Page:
Four to 6 weeks after the initial surgery, hypertensive and sham-operated animals were anesthetized with Inactin (100 mg/kg IP) and placed on a thermostatically controlled heating pad. Body temperature was monitored with a rectal probe and maintained at 36° to 38°C throughout the experiment. After placement of a venous catheter in the femoral vein and cannulation of the trachea, the rat was artificially ventilated with room air supplemented with 100% O2. Additional anesthetic was administered as needed (10 mg IV) to maintain stable arterial pressure and heart rate at rest and during pinch of the hind paw. Gallamine triethiodide (20 mg · kg−1 · 30 min−1 IV) was administered for paralysis. A femoral artery was cannulated, and arterial pressure was measured with a strain-gauge transducer. The rat was then placed in a stereotaxic head frame, and an occipital craniotomy was performed to expose the dorsal medulla in the region of the obex.
Denervation of Reflexogenic Areas
To determine the contribution of peripheral afferents to the baclofen-induced responses, after the acute surgical preparation described here, some of the rats underwent bilateral section of the carotid sinus and aortic nerves. In some of these rats, a bilateral section of the vagal nerves was also performed. The microinjection aspects of the protocol did not begin until mean arterial pressure (MAP) returned to the predenervation level, typically 30 to 60 minutes. At this time, a bolus injection of phenylephrine was administered, and the absence of a reflex bradycardia during a 35- to 50-mm Hg increase in arterial pressure used to verify the adequacy of the denervation.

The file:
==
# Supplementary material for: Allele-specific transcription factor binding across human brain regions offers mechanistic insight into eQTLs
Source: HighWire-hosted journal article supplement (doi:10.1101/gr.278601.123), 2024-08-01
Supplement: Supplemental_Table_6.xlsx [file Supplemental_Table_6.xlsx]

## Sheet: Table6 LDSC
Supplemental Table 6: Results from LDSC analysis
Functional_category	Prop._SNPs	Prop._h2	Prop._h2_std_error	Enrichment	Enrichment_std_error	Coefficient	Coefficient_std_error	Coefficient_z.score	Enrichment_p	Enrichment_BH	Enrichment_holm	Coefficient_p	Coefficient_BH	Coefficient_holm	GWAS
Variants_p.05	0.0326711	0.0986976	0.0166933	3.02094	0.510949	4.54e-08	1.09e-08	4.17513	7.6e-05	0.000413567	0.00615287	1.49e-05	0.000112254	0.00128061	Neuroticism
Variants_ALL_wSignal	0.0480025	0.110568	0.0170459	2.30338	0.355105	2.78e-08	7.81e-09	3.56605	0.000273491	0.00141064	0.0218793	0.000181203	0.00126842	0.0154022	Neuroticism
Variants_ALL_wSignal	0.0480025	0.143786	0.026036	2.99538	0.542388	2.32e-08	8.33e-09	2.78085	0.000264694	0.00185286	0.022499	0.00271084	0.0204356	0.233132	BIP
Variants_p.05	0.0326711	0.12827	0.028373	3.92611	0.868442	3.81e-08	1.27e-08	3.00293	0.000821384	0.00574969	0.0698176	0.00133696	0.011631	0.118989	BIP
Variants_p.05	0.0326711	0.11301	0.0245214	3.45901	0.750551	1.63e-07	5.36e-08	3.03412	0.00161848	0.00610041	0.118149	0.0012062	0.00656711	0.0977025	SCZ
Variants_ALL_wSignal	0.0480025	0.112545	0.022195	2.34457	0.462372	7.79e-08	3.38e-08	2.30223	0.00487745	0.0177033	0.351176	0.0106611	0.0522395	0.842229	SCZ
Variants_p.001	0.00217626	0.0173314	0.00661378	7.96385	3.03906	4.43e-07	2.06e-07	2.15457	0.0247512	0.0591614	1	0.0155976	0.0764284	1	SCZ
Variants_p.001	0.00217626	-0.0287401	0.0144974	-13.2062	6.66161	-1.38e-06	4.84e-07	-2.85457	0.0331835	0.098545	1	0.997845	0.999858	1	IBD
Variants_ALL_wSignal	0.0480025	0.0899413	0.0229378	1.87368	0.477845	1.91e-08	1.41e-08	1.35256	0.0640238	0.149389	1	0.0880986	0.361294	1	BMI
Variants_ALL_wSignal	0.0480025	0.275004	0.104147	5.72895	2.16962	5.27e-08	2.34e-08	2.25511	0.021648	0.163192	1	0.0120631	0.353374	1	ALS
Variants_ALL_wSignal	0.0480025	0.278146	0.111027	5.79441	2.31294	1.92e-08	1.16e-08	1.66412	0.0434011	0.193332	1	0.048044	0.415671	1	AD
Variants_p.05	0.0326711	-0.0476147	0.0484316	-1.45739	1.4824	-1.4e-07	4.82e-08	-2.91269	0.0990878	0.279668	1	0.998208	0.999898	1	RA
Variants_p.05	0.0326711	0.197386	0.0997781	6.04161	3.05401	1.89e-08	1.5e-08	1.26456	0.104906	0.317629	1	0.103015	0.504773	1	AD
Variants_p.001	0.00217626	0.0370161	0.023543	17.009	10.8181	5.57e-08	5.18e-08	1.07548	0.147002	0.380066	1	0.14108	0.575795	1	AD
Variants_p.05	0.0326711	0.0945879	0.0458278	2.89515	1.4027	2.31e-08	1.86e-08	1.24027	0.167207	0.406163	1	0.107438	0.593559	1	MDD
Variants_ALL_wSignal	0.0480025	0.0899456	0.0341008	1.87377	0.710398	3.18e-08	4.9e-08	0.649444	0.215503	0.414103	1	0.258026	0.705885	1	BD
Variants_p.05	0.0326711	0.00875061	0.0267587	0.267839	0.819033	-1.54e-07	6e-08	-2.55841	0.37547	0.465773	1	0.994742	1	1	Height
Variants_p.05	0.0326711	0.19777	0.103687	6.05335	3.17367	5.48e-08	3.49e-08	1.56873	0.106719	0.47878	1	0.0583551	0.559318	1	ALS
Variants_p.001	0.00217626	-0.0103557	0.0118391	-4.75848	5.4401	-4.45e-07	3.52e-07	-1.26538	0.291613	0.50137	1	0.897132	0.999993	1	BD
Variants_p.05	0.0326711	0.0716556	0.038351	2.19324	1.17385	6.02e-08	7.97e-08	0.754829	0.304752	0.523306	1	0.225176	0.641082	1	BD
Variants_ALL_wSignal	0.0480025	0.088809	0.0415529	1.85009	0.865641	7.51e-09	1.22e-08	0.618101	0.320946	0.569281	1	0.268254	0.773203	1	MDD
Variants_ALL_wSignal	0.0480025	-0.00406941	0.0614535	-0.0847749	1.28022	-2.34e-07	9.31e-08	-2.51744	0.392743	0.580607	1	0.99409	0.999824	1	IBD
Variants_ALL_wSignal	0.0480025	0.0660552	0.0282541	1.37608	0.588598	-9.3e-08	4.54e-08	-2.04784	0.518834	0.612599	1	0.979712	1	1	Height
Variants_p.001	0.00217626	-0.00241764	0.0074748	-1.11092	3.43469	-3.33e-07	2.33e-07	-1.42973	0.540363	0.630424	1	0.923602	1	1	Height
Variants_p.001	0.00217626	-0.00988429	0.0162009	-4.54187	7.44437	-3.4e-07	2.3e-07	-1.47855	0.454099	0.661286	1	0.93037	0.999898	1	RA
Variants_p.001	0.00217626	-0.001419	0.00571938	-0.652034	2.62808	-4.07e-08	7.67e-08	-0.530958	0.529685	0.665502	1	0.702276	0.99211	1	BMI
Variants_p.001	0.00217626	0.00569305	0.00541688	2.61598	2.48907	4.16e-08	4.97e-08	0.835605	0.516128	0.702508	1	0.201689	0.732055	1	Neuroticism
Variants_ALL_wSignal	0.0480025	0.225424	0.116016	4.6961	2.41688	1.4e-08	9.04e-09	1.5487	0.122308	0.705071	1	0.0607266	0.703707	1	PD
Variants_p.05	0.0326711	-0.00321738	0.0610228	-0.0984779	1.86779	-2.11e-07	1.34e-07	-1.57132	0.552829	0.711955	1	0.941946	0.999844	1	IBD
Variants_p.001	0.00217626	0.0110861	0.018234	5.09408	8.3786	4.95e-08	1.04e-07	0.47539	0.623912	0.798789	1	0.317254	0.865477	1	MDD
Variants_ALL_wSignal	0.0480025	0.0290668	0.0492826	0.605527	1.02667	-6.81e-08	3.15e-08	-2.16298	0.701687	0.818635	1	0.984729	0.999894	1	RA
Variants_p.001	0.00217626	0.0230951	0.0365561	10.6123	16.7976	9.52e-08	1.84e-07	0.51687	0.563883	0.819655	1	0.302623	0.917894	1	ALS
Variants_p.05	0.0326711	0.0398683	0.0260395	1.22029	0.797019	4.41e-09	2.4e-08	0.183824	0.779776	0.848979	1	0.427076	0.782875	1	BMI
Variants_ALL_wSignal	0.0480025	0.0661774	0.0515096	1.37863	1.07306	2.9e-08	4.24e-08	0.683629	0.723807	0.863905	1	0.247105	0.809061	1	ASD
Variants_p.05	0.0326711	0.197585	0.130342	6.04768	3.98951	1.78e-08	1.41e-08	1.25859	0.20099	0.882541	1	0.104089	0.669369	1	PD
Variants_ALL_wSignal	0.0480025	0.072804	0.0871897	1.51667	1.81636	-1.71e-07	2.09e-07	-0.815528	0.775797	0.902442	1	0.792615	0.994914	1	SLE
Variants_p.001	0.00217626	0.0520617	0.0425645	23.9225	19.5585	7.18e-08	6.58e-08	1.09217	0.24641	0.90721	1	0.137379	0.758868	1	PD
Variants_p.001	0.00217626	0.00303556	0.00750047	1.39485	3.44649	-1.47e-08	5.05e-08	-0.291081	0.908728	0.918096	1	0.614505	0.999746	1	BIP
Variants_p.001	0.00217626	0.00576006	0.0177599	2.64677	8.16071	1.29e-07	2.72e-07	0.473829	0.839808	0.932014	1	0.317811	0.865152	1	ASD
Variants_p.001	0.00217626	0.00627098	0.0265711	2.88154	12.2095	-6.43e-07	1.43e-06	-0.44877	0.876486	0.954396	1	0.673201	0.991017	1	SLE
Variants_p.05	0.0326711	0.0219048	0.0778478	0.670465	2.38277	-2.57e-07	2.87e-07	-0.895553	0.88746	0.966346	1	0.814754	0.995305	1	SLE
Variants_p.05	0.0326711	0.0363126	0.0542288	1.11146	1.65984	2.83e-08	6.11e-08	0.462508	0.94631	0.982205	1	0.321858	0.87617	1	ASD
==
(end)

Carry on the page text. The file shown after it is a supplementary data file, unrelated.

We repeated the microinjection protocol originally described by Tsukamoto and Sved.5 A bipolar stimulating electrode was placed in the NTS using coordinates provided by these authors (0.5 mm rostral to calamus, 0.5 mm lateral to the midline, and 0.5 mm below the surface of the brain). With this electrode, an electrolytic lesion was placed in the right NTS to eliminate reflex buffering of responses to drugs injected into the left NTS. After a recovery period of 30 to 60 minutes, a glass micropipette (outer tip diameter <50 μm) filled with baclofen (dissolved in artificial cerebrospinal fluid, pH adjusted to 7.4) was placed into the contralateral NTS with use of the same stereotaxic coordinates. Baclofen was injected (40 pmol in a 100-nL volume) slowly over 1 to 3 minutes with a pressurized source, and cardiovascular parameters were measured with a MacLab A/D system.
Acute Hypertension and Hypotension